WordPress Hosting, Firewall and Backup

WP White Security is hosted on A2 Hosting, protected with BBQ:Block Bad Queries Firewall and backed up with BlogVault online WordPress backup service

11 comments

Kevin 05/11/2014

When you mention which plugins are the most vulnerable, you don’t mention what versions you’re referring to. This makes an enormous difference, especially when plugins like WordFence are updated frequently, (some could argue *too* frequently) and plugins like NextGen Gallery have been around for many, many years.

Do you have the version number information for these “most vulnerable” plugins?

Robert Abela 06/11/2014

Hi Kevin,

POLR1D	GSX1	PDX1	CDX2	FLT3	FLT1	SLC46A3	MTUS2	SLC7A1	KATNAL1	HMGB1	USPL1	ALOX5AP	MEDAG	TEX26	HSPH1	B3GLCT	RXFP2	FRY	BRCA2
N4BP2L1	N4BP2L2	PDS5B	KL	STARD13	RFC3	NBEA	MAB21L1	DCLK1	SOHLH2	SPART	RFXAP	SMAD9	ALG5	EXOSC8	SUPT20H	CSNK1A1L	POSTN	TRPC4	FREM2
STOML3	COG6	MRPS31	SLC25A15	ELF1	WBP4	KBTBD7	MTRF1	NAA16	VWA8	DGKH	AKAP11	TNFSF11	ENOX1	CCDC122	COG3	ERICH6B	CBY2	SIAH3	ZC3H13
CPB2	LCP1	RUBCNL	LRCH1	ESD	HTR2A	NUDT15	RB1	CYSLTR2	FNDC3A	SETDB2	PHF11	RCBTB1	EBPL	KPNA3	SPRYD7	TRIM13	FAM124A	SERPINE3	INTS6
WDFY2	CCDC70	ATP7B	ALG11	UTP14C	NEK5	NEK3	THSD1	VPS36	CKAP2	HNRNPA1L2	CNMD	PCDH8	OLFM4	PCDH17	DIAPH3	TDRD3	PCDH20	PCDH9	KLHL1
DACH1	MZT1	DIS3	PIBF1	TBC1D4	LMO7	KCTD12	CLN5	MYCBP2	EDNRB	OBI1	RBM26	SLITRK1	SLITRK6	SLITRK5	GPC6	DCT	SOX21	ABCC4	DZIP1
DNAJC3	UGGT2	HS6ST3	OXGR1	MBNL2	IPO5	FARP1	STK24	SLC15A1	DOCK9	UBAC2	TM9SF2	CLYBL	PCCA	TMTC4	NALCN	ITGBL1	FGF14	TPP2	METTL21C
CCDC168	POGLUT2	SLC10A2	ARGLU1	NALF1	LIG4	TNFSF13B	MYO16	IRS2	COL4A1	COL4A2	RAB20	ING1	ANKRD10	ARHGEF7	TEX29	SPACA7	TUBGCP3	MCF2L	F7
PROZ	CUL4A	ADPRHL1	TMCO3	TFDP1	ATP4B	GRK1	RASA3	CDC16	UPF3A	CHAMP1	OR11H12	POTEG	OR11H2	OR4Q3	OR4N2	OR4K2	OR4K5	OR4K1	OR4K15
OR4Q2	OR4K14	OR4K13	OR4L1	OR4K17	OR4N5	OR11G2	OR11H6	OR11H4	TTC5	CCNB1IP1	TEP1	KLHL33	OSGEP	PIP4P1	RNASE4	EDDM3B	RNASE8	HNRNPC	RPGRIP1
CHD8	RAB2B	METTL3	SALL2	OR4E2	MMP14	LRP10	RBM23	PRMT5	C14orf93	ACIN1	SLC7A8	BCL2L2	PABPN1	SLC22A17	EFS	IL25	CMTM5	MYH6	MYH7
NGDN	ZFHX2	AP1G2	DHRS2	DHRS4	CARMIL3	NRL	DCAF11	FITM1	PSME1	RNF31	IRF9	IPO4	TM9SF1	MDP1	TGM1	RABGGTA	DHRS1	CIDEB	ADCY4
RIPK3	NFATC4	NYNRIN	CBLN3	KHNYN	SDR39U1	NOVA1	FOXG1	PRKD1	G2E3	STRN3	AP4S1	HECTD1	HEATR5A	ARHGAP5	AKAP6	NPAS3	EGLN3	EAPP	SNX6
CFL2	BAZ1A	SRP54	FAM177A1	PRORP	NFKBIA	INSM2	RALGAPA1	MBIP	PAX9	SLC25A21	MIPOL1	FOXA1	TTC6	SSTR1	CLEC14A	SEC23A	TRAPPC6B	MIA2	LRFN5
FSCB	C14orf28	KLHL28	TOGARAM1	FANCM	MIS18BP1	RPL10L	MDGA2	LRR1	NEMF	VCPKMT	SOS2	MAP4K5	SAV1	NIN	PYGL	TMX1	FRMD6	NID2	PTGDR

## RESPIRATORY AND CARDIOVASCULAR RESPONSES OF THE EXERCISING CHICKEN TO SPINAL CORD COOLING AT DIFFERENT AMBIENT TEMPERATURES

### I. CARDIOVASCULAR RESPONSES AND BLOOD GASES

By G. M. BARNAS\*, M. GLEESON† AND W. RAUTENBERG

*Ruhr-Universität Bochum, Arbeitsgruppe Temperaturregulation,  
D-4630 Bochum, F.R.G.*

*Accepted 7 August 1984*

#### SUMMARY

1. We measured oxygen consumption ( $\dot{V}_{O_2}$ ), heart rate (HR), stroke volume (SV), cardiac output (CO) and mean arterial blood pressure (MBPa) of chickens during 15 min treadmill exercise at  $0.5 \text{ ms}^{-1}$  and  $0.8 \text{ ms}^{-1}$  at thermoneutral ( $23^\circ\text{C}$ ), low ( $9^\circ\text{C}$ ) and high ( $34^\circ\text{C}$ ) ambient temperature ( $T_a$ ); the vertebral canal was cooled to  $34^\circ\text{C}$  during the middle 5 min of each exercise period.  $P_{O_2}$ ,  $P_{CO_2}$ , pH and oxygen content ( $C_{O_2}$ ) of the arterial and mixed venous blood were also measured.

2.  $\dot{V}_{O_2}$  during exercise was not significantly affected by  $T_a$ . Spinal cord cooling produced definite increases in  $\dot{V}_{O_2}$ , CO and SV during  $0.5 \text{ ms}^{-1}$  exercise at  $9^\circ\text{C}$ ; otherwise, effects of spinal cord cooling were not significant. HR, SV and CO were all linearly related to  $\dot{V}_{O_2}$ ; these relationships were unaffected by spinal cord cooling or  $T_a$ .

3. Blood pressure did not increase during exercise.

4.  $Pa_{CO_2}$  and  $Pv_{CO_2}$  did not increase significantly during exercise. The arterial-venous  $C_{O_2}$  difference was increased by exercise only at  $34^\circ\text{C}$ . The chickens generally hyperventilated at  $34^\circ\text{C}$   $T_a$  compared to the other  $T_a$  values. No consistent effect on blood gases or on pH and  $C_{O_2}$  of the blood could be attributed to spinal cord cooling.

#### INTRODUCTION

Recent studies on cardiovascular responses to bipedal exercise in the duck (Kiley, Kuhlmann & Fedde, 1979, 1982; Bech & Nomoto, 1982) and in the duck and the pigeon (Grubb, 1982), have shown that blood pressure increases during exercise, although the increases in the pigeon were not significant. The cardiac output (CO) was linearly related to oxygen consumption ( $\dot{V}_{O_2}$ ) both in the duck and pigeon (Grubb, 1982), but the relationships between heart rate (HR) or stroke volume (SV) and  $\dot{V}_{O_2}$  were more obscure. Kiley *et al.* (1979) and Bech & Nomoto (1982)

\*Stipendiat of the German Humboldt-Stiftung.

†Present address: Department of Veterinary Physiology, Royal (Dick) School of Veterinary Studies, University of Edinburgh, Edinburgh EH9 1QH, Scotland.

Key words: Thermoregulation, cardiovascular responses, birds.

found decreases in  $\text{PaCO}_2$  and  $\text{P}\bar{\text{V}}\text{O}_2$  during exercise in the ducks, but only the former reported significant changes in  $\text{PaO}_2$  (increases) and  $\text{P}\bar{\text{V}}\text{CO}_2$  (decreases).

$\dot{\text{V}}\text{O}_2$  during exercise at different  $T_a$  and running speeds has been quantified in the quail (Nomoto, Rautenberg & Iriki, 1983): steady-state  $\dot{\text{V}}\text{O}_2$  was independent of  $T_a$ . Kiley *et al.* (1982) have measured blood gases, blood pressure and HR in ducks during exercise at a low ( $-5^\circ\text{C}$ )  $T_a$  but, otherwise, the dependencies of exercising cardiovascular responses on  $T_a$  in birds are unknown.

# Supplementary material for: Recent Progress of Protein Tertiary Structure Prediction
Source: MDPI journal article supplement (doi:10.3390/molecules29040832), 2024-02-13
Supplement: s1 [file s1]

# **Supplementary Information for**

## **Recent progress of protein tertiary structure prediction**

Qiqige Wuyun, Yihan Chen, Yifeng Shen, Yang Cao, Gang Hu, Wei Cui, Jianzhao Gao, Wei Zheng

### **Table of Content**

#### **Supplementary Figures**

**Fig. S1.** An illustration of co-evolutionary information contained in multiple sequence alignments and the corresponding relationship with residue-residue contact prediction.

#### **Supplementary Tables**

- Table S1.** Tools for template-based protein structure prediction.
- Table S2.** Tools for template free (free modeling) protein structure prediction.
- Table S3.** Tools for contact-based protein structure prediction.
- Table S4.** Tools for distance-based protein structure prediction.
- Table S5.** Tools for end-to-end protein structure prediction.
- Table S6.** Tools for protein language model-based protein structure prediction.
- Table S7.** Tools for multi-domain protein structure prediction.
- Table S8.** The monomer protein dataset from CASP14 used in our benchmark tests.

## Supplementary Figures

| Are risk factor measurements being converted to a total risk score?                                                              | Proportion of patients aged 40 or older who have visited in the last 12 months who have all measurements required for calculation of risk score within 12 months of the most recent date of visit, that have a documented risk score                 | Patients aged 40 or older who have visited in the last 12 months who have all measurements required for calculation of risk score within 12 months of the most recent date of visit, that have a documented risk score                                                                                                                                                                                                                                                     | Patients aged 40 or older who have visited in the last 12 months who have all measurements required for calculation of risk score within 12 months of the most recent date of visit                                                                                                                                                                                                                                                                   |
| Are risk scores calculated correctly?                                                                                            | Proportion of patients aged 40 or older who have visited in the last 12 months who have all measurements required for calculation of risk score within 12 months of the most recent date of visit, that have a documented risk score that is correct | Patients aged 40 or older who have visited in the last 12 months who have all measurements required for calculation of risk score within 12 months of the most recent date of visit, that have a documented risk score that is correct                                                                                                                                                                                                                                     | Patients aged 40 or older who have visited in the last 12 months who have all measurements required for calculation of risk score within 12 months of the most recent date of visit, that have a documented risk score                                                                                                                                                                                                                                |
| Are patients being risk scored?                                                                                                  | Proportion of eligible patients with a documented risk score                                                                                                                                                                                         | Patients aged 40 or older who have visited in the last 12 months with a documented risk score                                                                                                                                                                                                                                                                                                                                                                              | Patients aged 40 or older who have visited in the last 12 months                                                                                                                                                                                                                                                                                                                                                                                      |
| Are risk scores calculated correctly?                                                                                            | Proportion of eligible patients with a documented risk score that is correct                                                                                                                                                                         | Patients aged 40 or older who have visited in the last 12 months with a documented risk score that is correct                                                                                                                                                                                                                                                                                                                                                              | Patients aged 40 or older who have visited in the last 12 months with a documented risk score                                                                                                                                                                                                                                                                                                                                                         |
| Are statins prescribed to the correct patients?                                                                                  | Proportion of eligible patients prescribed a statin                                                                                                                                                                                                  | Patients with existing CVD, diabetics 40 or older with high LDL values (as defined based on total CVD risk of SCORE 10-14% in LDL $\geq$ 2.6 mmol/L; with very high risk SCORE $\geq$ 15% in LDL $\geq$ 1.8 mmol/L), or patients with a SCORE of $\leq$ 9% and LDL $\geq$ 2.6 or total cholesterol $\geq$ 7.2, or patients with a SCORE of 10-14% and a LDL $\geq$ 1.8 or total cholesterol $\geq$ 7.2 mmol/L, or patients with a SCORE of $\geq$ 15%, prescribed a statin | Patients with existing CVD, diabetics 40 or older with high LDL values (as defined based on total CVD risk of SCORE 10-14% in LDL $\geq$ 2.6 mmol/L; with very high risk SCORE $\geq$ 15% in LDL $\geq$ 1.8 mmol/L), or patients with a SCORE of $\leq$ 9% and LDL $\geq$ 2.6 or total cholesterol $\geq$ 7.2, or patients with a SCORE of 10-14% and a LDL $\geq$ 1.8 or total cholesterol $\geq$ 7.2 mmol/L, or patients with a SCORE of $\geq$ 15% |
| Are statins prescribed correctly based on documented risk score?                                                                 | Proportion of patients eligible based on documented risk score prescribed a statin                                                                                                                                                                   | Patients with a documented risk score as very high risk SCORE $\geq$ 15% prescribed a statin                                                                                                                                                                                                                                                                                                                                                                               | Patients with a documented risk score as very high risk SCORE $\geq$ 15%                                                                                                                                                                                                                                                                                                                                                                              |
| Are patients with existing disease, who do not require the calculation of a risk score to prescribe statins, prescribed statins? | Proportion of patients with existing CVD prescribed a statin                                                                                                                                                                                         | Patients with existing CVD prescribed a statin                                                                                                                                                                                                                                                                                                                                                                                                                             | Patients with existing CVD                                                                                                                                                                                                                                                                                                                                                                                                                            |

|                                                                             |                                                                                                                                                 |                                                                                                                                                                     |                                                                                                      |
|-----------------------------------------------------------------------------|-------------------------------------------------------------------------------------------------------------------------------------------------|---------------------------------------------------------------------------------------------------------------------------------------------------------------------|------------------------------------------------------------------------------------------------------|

Very good point. What I am trying to highlight here is not if vulnerabilities have been fixed or not, but I am trying to raise awareness about writing more secure code to avoid such vulnerabilities in the first place.
When talking about WordFence and frequent updates I see your point, and yes reported issues have been fixed and that is good. But the security history of a plugin (or any other software) tells us a lot about the product, for example in this case security was not catered for in the first place when developing the plugin and this is a bit of a let-down considering the plugin is written by security people who are aware on what type of vulnerabilities attackers / hackers typically exploit. In fact I am not just surprised about Wordfence but about all the 5 commercial plugins listed there!

Can commercial plugins have vulnerabilities? Of course they can, everyone can do mistakes but they should lead by example and not be in the top 10 list of plugins which had most reported vulnerabilities so far. It is not exactly something one should boast about ay?

Kevin 10/11/2014